Profiles of a raw VS measured by the downhole test; b VS1; c CSR and CRR; and d FSliq at Site 5, where sand boils were not observed (non-liquefied site). The LPI is shown at the top right of (d). The clayey sand with gravel at a depth of 12 m has a fines content of 26.4%

Liquefaction potential index

We calculated the cyclic stress ratio (CSR) with the simplified procedure proposed by Seed and Idriss [26]. The detailed guide from Andrus et al. [3] was adopted to assess the cyclic resistance ratio (CRR) based on the VS profiles from the field tests.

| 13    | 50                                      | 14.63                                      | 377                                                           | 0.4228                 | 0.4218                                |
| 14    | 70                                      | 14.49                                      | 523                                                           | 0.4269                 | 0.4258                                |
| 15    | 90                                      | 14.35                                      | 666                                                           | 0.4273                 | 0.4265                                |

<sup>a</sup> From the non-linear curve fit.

Cyclic stress ratio

Seed and Idriss [26] defined CSR as the seismic loading on the soil as follows:

$$ {\text{CSR}} = 0.65 \cdot \frac{{{\text{a}}_{\hbox{max} } }}{\text{g}} \cdot \frac{{\sigma_{\text{v}} }}{{\sigma_{\text{v}}^{'} }} \cdot {\text{r}}_{\text{d}} $$
(1)

where amax is the peak horizontal ground acceleration on the surface, g is the gravitational acceleration, \( \sigma_{v} \) is the total overburden stress in the vertical direction, \( \sigma_{v}^{'} \) is the effective overburden stress in the vertical direction, and rd is the stress reduction factor.